Putin wants to give Russian law priority over international law without an entirely new constitution. Technically, that’s not legally possible.
In his January 15 state-of-the-nation address, Vladimir Putin proposed a number of changes to the Russian Constitution. He also stated that he is not interested in the creation of an entirely new Constitution. However, one of the changes Putin suggested cannot be implemented if the current Constitution remains in place.
Vladimir Putin proposed adding a measure to the Constitution that would prevent international law from being prioritized completely over Russian law.
The supremacy of international law is currently inscribed in Article 15, Clause 4 of the Russian Constitution.
One would think that to limit the supremacy of international law, the Russian government would only have to amend one clause of Article 15 or simply add a new clause (though there are already limits on prioritizing international law in Russian jurisprudence).
The problem is that Article 15 is part of the first chapter (“Foundations of the Constitutional Order”) in Russia’s foundational legal document. Article 135, meanwhile, explicitly forbids amending the first, second, and ninth chapters of the Constitution. In order to change those chapters, a new Constitution must be formed and accepted, and any amendments to the current Constitution are insufficient. In other words, Putin’s proposed limits on the supremacy of international law would require doing exactly what Putin said he would not like to do.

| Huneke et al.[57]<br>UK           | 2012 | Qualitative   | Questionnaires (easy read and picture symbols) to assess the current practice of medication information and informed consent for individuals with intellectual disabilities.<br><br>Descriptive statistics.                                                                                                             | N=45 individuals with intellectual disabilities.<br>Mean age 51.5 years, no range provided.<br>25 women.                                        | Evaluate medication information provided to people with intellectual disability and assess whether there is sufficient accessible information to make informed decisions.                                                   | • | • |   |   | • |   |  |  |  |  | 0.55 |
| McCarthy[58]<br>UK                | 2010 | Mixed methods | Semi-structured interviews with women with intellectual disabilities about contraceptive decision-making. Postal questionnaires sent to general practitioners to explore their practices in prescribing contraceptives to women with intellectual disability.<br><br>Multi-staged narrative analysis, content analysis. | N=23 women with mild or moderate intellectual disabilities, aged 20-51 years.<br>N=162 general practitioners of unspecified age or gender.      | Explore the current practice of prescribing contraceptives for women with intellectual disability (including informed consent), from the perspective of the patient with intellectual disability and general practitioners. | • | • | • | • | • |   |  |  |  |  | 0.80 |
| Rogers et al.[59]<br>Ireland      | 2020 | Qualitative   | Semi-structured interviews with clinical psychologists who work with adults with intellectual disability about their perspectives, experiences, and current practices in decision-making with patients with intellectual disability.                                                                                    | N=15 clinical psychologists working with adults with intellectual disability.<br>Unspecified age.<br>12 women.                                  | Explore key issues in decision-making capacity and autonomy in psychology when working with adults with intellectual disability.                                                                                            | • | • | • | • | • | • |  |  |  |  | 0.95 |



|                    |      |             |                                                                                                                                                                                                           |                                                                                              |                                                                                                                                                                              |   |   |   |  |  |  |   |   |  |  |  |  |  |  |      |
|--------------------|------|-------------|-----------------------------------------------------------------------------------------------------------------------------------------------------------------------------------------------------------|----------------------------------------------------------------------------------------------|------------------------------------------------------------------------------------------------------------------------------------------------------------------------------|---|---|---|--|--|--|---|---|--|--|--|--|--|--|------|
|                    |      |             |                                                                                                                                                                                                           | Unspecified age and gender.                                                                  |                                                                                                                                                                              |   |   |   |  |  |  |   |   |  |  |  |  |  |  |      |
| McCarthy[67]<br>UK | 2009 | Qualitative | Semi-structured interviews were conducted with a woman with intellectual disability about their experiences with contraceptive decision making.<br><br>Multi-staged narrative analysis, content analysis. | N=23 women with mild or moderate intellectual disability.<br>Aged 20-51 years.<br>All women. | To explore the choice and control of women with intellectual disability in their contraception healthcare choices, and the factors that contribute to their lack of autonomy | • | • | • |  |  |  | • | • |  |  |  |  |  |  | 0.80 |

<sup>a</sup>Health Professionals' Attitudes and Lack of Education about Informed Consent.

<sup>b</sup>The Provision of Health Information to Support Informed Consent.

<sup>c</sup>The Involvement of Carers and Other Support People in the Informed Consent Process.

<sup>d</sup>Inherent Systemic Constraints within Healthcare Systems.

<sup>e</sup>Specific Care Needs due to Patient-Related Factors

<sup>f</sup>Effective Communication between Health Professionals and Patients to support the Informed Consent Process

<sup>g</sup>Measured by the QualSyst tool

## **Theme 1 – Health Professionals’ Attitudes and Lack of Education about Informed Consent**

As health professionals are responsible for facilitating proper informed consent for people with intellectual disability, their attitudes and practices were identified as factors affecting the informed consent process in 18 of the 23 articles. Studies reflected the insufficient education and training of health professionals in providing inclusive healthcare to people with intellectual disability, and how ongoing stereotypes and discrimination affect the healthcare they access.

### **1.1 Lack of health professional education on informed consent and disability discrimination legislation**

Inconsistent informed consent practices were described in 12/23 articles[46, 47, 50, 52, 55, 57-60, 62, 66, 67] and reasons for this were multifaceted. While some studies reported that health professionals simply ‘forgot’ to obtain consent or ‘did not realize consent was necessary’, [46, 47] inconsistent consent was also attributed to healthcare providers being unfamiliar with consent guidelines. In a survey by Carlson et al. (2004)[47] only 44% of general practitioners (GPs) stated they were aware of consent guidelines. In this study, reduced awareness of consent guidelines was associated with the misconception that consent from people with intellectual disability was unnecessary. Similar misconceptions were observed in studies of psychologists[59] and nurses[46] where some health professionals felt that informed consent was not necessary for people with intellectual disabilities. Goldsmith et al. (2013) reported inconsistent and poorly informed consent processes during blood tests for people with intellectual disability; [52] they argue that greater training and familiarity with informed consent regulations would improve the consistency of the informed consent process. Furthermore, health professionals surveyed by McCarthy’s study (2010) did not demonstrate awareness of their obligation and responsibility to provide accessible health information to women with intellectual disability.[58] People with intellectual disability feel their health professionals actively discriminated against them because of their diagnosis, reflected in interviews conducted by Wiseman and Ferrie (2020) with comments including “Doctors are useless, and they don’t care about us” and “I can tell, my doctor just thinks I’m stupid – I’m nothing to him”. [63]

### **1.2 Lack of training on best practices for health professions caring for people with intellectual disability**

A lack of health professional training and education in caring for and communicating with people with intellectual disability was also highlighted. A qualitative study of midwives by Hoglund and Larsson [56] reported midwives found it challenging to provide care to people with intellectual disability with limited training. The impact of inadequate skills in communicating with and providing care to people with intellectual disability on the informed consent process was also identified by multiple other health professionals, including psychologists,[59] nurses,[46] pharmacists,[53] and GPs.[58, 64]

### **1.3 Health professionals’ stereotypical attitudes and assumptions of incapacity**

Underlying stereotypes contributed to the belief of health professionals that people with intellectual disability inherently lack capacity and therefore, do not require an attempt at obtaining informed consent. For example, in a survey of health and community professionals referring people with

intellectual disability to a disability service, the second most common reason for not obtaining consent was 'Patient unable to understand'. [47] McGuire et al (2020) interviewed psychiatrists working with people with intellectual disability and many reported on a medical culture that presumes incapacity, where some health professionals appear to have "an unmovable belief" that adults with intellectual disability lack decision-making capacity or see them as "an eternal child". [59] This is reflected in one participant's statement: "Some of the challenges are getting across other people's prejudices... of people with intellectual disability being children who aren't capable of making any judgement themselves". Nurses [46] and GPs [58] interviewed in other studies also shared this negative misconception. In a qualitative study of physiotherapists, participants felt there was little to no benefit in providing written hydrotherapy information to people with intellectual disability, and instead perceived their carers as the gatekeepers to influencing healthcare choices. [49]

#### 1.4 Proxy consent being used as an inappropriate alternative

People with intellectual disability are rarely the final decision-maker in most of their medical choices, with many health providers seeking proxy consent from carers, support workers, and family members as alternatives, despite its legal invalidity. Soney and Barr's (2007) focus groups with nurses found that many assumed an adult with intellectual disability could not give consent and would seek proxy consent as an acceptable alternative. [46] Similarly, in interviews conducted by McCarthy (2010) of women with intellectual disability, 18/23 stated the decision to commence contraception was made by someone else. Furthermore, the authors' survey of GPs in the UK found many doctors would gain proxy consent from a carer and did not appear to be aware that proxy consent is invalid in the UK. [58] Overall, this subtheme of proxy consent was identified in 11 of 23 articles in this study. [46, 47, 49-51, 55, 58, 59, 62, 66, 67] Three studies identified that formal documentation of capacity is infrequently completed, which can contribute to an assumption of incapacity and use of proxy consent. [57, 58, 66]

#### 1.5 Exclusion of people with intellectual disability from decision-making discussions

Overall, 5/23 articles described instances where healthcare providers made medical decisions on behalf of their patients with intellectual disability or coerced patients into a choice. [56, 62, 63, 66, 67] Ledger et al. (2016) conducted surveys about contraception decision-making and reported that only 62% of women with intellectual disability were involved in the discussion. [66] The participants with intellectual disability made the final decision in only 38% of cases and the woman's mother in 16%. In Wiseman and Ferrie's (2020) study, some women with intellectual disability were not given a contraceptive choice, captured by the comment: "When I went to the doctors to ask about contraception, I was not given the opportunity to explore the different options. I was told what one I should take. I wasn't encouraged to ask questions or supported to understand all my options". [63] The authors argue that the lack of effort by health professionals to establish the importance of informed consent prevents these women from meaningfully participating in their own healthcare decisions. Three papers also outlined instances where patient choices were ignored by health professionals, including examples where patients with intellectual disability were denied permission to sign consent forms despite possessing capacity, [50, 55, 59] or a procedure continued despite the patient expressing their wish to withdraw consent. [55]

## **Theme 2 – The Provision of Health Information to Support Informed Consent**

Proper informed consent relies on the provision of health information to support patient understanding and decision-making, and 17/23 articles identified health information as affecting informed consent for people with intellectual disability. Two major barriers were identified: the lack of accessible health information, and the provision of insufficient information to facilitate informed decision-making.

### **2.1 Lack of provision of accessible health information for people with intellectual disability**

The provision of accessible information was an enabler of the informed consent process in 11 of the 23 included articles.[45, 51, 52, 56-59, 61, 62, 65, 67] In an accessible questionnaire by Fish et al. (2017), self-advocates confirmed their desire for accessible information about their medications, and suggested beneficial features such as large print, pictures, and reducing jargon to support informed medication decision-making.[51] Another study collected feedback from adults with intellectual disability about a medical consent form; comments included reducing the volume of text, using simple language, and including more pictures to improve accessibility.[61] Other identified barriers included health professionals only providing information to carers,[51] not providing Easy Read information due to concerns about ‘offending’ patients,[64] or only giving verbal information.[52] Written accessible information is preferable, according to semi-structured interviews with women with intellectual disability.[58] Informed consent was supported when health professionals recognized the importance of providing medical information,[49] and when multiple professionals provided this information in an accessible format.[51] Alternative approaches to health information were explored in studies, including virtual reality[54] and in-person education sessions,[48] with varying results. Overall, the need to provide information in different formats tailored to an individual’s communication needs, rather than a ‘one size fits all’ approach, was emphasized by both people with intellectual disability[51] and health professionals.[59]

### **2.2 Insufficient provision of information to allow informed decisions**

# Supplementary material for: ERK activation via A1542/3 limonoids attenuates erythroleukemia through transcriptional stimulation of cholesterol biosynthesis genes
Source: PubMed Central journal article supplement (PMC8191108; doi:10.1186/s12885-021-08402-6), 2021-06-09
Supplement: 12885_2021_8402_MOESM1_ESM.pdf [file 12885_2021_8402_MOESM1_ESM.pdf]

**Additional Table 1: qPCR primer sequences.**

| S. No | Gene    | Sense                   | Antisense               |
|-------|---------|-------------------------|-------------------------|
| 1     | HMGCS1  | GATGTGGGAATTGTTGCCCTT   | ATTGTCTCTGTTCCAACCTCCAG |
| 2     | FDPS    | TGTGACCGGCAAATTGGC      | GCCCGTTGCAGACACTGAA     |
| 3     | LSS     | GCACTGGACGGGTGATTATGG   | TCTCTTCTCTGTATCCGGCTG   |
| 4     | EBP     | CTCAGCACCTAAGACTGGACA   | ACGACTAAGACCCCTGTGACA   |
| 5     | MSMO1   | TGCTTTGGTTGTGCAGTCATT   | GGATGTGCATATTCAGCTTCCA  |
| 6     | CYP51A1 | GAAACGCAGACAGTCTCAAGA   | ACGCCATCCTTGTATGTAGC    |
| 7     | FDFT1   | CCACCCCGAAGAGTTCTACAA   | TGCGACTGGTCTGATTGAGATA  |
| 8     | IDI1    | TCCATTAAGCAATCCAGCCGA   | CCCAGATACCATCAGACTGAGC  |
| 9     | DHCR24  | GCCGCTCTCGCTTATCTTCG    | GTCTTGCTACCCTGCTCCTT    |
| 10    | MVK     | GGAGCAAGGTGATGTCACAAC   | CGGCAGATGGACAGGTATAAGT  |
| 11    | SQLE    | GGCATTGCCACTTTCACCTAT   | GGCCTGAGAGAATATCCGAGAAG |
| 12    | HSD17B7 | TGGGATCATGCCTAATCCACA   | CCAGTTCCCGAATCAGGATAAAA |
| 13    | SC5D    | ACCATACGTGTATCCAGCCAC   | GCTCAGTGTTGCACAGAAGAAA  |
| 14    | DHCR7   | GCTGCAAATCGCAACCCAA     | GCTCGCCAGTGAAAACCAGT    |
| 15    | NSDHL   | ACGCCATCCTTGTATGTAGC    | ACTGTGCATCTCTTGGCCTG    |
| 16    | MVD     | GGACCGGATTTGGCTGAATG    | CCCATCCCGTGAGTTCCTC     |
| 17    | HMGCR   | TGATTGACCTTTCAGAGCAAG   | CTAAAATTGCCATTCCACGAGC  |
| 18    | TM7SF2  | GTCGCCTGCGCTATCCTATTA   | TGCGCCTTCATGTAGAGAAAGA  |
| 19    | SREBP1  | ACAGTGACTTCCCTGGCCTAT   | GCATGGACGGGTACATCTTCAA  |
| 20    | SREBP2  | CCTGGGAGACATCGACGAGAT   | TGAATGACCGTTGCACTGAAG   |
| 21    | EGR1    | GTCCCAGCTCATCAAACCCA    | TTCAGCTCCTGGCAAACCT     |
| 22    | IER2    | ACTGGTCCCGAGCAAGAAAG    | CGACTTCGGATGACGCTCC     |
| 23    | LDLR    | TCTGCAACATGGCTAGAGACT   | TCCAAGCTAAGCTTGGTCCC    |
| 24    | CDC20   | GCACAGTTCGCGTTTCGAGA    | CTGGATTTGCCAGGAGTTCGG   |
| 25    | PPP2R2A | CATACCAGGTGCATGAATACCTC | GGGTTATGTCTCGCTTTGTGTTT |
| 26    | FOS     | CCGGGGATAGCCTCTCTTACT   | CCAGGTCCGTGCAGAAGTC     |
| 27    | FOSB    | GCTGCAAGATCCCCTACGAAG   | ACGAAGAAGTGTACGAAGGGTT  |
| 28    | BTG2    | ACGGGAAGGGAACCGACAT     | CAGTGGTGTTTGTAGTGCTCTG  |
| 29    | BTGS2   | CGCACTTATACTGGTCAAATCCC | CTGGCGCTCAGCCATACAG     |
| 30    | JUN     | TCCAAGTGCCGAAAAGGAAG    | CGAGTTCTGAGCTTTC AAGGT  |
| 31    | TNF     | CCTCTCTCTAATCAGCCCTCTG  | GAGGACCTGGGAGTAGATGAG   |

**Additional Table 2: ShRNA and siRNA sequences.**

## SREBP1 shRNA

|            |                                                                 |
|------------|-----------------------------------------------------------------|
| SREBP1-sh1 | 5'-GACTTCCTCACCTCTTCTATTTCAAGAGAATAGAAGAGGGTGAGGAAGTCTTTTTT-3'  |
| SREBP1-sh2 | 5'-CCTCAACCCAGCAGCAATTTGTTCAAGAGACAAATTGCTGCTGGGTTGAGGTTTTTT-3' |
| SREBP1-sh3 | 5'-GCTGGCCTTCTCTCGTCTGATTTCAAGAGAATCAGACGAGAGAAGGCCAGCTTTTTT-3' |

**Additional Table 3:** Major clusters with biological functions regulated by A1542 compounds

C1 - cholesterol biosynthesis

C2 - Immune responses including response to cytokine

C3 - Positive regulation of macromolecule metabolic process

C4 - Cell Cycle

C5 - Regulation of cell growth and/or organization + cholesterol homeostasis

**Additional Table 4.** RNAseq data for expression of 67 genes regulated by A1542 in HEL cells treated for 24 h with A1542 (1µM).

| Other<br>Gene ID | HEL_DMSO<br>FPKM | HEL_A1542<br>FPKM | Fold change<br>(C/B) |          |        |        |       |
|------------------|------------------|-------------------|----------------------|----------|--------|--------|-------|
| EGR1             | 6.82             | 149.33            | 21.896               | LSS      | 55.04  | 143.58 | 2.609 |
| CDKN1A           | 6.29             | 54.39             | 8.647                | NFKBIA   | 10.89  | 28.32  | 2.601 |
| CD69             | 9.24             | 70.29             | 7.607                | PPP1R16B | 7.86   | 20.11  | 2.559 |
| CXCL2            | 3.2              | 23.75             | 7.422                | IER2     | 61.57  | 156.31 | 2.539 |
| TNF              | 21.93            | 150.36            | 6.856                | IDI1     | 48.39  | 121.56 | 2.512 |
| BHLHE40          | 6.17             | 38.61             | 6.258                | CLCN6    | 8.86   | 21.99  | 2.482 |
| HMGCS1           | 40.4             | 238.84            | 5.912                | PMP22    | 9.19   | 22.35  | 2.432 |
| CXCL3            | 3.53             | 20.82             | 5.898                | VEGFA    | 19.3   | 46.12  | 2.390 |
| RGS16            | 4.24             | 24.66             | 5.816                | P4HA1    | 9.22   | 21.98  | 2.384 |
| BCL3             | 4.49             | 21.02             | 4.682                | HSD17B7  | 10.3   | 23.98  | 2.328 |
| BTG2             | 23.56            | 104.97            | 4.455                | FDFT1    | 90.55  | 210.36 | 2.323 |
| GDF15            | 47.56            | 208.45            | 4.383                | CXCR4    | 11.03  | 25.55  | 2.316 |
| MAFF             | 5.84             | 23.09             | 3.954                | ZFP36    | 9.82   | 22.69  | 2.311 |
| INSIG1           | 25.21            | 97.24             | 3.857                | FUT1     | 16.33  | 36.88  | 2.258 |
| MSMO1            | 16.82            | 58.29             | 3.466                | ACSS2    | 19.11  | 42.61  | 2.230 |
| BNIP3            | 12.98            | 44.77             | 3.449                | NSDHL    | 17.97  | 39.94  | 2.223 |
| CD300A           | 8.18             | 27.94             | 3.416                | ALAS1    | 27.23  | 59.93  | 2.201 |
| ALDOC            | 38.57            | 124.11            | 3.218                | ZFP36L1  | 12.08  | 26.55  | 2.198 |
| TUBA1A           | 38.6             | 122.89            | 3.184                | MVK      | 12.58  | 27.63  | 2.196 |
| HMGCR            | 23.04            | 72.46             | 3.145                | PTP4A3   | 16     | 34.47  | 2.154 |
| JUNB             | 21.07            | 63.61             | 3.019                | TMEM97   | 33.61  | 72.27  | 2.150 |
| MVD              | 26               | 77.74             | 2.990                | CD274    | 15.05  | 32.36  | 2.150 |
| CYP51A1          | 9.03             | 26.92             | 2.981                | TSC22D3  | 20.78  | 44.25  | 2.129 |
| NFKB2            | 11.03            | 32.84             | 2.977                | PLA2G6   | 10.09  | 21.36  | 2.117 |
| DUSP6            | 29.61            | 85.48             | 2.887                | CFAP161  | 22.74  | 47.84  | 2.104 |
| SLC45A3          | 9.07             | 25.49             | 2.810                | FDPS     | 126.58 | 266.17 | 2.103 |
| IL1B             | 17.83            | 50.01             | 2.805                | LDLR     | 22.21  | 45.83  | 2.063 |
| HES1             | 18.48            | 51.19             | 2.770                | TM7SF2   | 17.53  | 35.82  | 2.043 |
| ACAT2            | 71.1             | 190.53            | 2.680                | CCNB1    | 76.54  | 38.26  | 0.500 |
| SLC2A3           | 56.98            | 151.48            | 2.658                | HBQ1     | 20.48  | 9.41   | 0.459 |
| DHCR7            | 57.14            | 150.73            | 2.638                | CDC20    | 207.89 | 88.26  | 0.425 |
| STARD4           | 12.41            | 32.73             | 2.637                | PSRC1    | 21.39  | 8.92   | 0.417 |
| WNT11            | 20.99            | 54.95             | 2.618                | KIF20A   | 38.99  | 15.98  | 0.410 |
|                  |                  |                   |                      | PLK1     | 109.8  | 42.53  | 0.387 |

Another sign indicating that Putin’s proposals point to a new Constitution is the fact that Putin himself mentioned the nationwide referendum procedure in his address. Constitutional amendments are introduced through federal constitutional legislation; only accepting a new Constitution requires a nationwide referendum.
On the other hand, Putin’s statement that a “final decision” will be made only after the voting process can be interpreted to mean that the vote itself will not be binding. According to the Constitution, however, that is not the case: The results of a nationwide vote must be enforced as is.
This means that a referendum would be conducted as an extraconstitutional procedure (much like an online poll). In such a case, the constitutional amendments would likely be introduced through a federal constitutional bill, and some kind of “dirty hack” would be developed to get around the Constitution’s ban on amendments to Chapter One. For example, a clarifying measure limiting the supremacy of international law could be introduced into a different chapter, or a new chapter could simply be added to the Constitution altogether.